In addition, some studies have demonstrated that patients with damaged left frontal brain (the Broca’s area) experience hardships in term as of identifying pantomimes, signs and other gestures. For instance, a study carried out by Tranel and others showed that patients with injuries to left frontal brain experienced problems grasping details of an activity when they were given cards representing various actions.

Researchers have proved that people with aphasia show a relationship between reading comprehension deficits and action comprehension (Fadiga, Craighero and D’Ausilio 452).

Broca’s Area and Musical Abilities

The unearthing of tri-modal-auditory, visual and motor- mirror neurons in the ventral premotor cortex in the monkey has stimulated researchers to study the human mirror neural system (particularly the characteristics of the system). Some researchers believe that this system plays an important role in mapping the auditory depictions of actions into the motor plan essential for generating those actions.

As a matter of fact, some musicians crave to know how specific training can be used to enhance somato-sensory depiction of digits employed in practicing a musical instrument. It is worthy to note that the human motor system experiences vital plastic alterations subject to the type of musical instrument used during practice session (Pascula- Leone 306).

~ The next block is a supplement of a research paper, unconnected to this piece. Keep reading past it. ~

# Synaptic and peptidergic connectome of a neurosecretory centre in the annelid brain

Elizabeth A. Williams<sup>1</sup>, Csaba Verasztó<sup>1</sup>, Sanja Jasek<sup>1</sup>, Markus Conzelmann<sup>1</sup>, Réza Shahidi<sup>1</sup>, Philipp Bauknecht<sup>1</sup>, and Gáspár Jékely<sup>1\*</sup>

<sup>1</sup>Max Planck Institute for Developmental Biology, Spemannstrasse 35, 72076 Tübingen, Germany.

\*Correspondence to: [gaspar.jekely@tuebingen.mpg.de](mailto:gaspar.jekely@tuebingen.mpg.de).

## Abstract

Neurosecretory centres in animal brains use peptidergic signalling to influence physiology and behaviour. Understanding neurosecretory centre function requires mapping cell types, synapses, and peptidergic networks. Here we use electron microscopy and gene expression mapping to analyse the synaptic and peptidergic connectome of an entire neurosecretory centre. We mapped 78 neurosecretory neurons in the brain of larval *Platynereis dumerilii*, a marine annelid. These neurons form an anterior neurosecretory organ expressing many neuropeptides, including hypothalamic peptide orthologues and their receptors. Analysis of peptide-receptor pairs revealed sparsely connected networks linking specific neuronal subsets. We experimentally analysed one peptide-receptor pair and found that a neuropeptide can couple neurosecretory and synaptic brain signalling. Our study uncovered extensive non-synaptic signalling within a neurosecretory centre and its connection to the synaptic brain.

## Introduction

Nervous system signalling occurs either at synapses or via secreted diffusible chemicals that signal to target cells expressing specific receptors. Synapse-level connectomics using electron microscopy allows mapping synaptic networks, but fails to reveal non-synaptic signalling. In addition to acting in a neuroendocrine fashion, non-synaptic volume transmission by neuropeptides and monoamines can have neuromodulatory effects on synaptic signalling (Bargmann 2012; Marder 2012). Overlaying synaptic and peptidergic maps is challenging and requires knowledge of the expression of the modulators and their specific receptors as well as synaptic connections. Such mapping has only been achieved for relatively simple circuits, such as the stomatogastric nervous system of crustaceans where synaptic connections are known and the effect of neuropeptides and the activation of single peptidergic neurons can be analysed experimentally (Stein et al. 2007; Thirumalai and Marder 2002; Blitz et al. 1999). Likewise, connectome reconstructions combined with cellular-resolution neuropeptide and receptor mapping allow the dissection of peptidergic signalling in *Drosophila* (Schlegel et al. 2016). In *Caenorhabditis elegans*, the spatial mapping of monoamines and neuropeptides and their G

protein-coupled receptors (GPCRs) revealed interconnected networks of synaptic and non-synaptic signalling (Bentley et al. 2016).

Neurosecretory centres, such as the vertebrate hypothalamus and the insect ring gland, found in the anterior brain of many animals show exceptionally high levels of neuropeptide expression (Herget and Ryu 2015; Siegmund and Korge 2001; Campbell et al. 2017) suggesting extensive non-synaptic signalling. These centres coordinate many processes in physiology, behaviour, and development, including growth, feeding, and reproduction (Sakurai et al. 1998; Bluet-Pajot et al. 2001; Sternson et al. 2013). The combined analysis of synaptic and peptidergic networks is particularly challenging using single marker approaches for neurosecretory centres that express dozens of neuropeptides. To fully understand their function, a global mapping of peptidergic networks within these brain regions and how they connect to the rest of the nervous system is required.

One of the salient features between music and language is the homogenous intricacy of language and musical syntaxes. As a matter of fact, numerous comparisons can be made between language and musical domains. For example, Maess and others carried out a study to establish the location of musical syntax. They discovered that it was located in the bilateral inferior frontal gyrus.

Researchers have (in a number of instances) compared the rules as well as the predictability of harmonics governing music composition with language syntax (Musso et al 778). For instance, Maess and others produced a type of musical syntactic infringement when they inserted unexpected harmonics in a musical composition.

Maess and colleagues used MEG (magnet-encephalography) to assess the neuronal complement of hearing harmonic absurdity and discovered an ERAN (early right anterior negativity) which is normally activated when an infringement is made on the music syntax (Pascula-Leone 1039).

A similar research demonstrated that the human brain system processes musical information in a similar manner found in the language processing system. It is worthy to mention that this study revealed that Wernickie’s area; Broca’s region; Heschl’s gyrus; the superior temporal sulcus; superior insular cortex; and anterior insular cortex were active when the participants were asked to listen to unexpected musical chords.